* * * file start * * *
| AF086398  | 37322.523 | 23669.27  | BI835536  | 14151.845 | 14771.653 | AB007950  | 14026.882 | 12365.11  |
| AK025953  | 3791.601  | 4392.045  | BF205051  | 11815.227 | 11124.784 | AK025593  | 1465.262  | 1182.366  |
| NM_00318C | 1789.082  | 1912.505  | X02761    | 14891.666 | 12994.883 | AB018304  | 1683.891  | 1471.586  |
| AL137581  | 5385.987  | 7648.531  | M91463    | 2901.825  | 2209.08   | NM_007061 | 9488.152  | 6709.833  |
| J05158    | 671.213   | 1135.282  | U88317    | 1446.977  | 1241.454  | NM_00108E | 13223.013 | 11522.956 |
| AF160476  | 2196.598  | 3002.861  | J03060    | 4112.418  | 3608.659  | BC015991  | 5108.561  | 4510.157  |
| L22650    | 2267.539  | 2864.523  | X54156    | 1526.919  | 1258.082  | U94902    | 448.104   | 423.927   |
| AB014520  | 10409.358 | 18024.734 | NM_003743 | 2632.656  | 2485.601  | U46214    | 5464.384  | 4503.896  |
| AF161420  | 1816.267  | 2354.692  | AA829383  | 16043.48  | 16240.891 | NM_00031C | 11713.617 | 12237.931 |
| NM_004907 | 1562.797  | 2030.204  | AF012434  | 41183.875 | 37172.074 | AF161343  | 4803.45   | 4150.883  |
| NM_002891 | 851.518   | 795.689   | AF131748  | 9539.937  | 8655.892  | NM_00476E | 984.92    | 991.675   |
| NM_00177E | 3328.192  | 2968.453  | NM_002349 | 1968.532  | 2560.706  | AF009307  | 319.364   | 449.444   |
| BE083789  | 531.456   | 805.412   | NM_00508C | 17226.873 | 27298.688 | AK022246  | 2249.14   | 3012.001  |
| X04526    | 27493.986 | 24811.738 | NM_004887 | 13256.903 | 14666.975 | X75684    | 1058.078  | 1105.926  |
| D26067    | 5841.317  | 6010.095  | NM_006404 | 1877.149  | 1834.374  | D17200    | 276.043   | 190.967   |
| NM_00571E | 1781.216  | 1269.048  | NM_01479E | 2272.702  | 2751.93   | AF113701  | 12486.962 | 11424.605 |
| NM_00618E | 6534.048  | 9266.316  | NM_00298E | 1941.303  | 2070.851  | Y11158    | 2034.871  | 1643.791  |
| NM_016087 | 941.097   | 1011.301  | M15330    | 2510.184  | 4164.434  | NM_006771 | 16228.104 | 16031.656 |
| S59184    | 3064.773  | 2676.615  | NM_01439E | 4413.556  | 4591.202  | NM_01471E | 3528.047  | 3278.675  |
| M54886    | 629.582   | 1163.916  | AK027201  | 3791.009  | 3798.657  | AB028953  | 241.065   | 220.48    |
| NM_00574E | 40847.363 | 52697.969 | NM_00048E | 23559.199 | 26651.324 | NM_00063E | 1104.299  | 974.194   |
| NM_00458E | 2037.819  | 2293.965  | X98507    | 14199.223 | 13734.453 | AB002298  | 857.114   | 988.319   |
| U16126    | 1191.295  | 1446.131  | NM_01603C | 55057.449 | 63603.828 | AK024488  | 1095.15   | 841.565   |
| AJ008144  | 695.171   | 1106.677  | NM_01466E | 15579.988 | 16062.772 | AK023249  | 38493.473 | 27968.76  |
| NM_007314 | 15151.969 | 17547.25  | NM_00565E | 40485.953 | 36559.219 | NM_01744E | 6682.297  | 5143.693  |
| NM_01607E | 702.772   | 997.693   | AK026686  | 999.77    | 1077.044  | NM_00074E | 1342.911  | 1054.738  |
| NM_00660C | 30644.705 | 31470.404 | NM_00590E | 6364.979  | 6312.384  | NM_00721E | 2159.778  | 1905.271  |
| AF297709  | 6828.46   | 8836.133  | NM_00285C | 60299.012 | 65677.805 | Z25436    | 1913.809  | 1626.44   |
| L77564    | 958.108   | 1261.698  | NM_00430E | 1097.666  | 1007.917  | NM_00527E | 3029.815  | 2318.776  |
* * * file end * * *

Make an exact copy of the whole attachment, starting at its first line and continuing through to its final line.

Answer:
| AF086398  | 37322.523 | 23669.27  | BI835536  | 14151.845 | 14771.653 | AB007950  | 14026.882 | 12365.11  |
| AK025953  | 3791.601  | 4392.045  | BF205051  | 11815.227 | 11124.784 | AK025593  | 1465.262  | 1182.366  |
| NM_00318C | 1789.082  | 1912.505  | X02761    | 14891.666 | 12994.883 | AB018304  | 1683.891  | 1471.586  |
| AL137581  | 5385.987  | 7648.531  | M91463    | 2901.825  | 2209.08   | NM_007061 | 9488.152  | 6709.833  |
| J05158    | 671.213   | 1135.282  | U88317    | 1446.977  | 1241.454  | NM_00108E | 13223.013 | 11522.956 |
| AF160476  | 2196.598  | 3002.861  | J03060    | 4112.418  | 3608.659  | BC015991  | 5108.561  | 4510.157  |
| L22650    | 2267.539  | 2864.523  | X54156    | 1526.919  | 1258.082  | U94902    | 448.104   | 423.927   |
| AB014520  | 10409.358 | 18024.734 | NM_003743 | 2632.656  | 2485.601  | U46214    | 5464.384  | 4503.896  |
| AF161420  | 1816.267  | 2354.692  | AA829383  | 16043.48  | 16240.891 | NM_00031C | 11713.617 | 12237.931 |
| NM_004907 | 1562.797  | 2030.204  | AF012434  | 41183.875 | 37172.074 | AF161343  | 4803.45   | 4150.883  |
| NM_002891 | 851.518   | 795.689   | AF131748  | 9539.937  | 8655.892  | NM_00476E | 984.92    | 991.675   |
| NM_00177E | 3328.192  | 2968.453  | NM_002349 | 1968.532  | 2560.706  | AF009307  | 319.364   | 449.444   |
| BE083789  | 531.456   | 805.412   | NM_00508C | 17226.873 | 27298.688 | AK022246  | 2249.14   | 3012.001  |
| X04526    | 27493.986 | 24811.738 | NM_004887 | 13256.903 | 14666.975 | X75684    | 1058.078  | 1105.926  |
| D26067    | 5841.317  | 6010.095  | NM_006404 | 1877.149  | 1834.374  | D17200    | 276.043   | 190.967   |
| NM_00571E | 1781.216  | 1269.048  | NM_01479E | 2272.702  | 2751.93   | AF113701  | 12486.962 | 11424.605 |
| NM_00618E | 6534.048  | 9266.316  | NM_00298E | 1941.303  | 2070.851  | Y11158    | 2034.871  | 1643.791  |
| NM_016087 | 941.097   | 1011.301  | M15330    | 2510.184  | 4164.434  | NM_006771 | 16228.104 | 16031.656 |
| S59184    | 3064.773  | 2676.615  | NM_01439E | 4413.556  | 4591.202  | NM_01471E | 3528.047  | 3278.675  |
| M54886    | 629.582   | 1163.916  | AK027201  | 3791.009  | 3798.657  | AB028953  | 241.065   | 220.48    |
| NM_00574E | 40847.363 | 52697.969 | NM_00048E | 23559.199 | 26651.324 | NM_00063E | 1104.299  | 974.194   |
| NM_00458E | 2037.819  | 2293.965  | X98507    | 14199.223 | 13734.453 | AB002298  | 857.114   | 988.319   |
| U16126    | 1191.295  | 1446.131  | NM_01603C | 55057.449 | 63603.828 | AK024488  | 1095.15   | 841.565   |
| AJ008144  | 695.171   | 1106.677  | NM_01466E | 15579.988 | 16062.772 | AK023249  | 38493.473 | 27968.76  |
| NM_007314 | 15151.969 | 17547.25  | NM_00565E | 40485.953 | 36559.219 | NM_01744E | 6682.297  | 5143.693  |
| NM_01607E | 702.772   | 997.693   | AK026686  | 999.77    | 1077.044  | NM_00074E | 1342.911  | 1054.738  |
| NM_00660C | 30644.705 | 31470.404 | NM_00590E | 6364.979  | 6312.384  | NM_00721E | 2159.778  | 1905.271  |
| AF297709  | 6828.46   | 8836.133  | NM_00285C | 60299.012 | 65677.805 | Z25436    | 1913.809  | 1626.44   |
| L77564    | 958.108   | 1261.698  | NM_00430E | 1097.666  | 1007.917  | NM_00527E | 3029.815  | 2318.776  |